If I take nothing else from September, it will stand as a useful example of time non-management and clear evidence to rebuff one of our favourite limiting beliefs that at some point in the future we’ll have more time.

Summer was acceptably chaotic.  The school holidays started the end of June and by the 4th July I had started the first of The Abundant Coach programmes with twelve energetic, up-for-it coaches who wanted to build their coaching business.

There were two trips over to London to find emotional freedom, a jaunt to Dublin, parents and sister to be looked after on their trip to Tipperary, holidays in Mayo and a crazy friend plus children to stay.

Yes, there were times, I’m sure you knew, when I bit off way more than I could chew.  As Frank did.  But I faced it all and I stood tall and did it my way.

So September was going to be a breeze.

September is a lovable month.  We stand in sunshine and make plans for the remainder of the year.  It’s the annual second stab we get at goal-setting and powerful intentions while the sun on our backs makes us strong and hopeful for the future.

And the children are back at school.

That we love our children is not in question.  That we can relish the first day of the summer holidays knowing we have weeks to let them run free and sleep late is undisputed.

And that when September approaches and we can kit them out and pack them back off to school is a delight that never diminishes, for this mother anyway.

It isn’t easy combining motherhood and work.  It gets harder when you’re working for yourself and doing that from home – and I accept that if you’re a mother who works for someone else and has to commute twice a day you undoubtedly feel it’s even harder for you.  Let’s not fall out over this one.  Motherhood’s a challenge for lots of us.

So September arrived and with it a new school and new regime.  Now, when school finishes for the day, the children get out on the sports field or into the music rooms, swimming pool or debating hall, then it’s tea and study before they are picked up and taken home at 8.15pm.  For an only child living in a rural area it’s got a lot to recommend it.  For a mother wanting to focus on building her business empire it’s a very sexy prospect indeed.

I got through the summer juggling balls with gusto and without recourse to pills or alcohol.  I had a vision you see.  Soon September was coming and then life would be unrecognisable.  The house would be a haven of tidy calm.  The animals would be fed, groomed and content.  My office would be a place of bustling organisation.  I’d be in the gym on rainy days and out walking the lanes on the sunny ones.  I’d have a swimming rota, I’d visit the sick, have weekly coffee mornings and finish my e-book.  I’d find my north star, re-focus my business and wash the car.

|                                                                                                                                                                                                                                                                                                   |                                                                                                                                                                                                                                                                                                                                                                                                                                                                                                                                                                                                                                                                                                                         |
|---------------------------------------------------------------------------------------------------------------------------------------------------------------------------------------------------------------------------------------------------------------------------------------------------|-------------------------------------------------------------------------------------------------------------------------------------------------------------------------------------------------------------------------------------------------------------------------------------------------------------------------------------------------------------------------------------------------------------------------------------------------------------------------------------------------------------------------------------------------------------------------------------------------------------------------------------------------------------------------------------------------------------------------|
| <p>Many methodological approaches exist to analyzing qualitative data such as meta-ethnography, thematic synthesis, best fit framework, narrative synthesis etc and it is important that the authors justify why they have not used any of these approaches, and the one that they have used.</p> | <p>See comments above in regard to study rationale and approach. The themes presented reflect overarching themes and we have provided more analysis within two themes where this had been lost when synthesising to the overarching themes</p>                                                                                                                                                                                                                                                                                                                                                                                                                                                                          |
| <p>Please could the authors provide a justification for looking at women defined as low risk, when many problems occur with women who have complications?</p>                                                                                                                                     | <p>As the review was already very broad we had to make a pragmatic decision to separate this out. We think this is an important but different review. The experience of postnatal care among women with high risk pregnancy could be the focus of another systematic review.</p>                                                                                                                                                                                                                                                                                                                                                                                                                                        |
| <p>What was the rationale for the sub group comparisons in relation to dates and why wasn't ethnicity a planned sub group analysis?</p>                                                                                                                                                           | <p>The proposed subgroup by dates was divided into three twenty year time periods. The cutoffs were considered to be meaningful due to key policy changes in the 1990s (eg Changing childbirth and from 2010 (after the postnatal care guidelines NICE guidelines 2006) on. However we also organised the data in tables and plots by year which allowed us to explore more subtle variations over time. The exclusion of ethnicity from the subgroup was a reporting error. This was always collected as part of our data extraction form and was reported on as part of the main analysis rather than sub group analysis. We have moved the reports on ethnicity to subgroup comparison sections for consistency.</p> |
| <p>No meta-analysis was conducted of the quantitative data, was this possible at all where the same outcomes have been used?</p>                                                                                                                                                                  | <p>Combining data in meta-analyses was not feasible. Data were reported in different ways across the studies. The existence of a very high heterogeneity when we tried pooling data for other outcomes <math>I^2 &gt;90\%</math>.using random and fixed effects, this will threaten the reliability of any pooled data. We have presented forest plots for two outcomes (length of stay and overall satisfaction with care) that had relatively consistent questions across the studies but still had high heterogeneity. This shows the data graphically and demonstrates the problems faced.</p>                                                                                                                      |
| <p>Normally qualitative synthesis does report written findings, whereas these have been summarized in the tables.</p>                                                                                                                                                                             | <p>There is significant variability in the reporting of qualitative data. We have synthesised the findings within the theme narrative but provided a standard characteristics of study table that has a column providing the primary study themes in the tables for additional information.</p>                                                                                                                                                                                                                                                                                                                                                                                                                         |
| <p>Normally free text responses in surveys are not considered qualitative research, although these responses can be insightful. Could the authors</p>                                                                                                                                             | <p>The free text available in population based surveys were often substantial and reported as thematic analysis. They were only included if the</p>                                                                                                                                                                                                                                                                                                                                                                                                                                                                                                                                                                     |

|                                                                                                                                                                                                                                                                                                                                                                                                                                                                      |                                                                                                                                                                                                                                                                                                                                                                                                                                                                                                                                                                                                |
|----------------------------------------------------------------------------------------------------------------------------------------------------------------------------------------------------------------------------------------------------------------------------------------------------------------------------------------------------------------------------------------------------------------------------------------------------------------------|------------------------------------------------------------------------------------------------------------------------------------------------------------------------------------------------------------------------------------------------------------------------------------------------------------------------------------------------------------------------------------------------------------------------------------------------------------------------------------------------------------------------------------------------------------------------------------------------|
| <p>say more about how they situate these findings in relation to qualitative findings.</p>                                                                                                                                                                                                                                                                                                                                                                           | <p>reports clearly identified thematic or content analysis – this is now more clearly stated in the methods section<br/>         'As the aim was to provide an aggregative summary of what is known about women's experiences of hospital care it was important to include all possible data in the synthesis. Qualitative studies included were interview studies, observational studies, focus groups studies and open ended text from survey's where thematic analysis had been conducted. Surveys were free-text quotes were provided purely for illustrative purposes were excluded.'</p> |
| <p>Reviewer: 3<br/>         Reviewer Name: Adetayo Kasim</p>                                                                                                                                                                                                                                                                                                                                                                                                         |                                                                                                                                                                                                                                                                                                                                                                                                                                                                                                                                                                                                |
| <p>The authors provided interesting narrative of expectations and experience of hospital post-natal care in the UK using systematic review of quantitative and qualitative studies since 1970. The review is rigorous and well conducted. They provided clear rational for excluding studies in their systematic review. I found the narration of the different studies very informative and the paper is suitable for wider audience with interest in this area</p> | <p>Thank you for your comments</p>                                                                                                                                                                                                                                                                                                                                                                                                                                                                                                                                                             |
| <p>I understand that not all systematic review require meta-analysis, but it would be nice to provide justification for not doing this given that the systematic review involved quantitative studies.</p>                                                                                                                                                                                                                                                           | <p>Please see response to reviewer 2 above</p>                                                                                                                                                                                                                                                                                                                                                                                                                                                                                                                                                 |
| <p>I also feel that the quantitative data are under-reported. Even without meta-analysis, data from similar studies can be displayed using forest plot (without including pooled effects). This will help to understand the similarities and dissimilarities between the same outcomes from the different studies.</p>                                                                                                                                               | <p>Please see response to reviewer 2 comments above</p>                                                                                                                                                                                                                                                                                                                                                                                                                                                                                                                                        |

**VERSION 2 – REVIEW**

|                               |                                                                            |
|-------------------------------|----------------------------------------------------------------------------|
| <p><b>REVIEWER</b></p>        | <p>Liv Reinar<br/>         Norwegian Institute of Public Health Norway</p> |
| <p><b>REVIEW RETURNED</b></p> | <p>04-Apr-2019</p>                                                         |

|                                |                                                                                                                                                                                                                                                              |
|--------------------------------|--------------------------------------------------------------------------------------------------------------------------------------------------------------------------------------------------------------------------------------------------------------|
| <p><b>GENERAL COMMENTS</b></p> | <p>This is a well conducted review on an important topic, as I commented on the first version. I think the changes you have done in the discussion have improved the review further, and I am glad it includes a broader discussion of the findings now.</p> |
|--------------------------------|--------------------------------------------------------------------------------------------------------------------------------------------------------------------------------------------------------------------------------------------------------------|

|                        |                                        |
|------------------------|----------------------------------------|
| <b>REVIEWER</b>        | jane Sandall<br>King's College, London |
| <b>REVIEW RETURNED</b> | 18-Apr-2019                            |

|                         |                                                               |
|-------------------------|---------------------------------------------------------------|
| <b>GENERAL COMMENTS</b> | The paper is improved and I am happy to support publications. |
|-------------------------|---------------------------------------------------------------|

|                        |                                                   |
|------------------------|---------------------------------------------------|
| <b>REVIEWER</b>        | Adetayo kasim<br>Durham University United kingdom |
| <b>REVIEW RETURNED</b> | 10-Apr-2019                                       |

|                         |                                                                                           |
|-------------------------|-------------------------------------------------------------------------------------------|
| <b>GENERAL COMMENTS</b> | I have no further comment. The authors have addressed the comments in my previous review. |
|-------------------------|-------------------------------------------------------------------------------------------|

After all, when one has twelve uninterrupted hours each day or sixty each week, there is no excuse for anything less ambitious than having, doing and being anything you want.

I now however have certifiable scientific evidence that stuff expands to fit the time available.  Do you know what I mean when I talk about stuff?  I mean everything that is unintentional.  I wouldn’t have begrudged planting up herbs for the kitchen windows, sweaty hours in the gym or daily sorties discovering where in South Tipp one finds the best cafe ambiance.

I wouldn’t even have minded digging out clothes for Africa or decluttering the pig shed.  There would have been a sense of achievement if I’d planned that and been able to tick it off my list.

I don’t for one moment mean that every hour has to be allocated, that life has to be one endless stream of things to do.  I just wish I’d done more of the things that were important instead of being so intoxicated by the vision of 60 hours that I knew today didn’t matter so much, there was always tomorrow.

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I’ve worked hard in September, much too hard and the paradox is that doing this yields fewer results.  It’s like putting all your effort into planting too many seeds in too small a patch of ground meaning none of them got the nurturing they needed to grow strong, nor did you have time to sit back and just enjoy them. 

It’s been a useful lesson though.  In October I’m planting a colourful variety though small number of seeds.  I’m focussing my attention on them.  And giving myself permission to take time off and have fun too.

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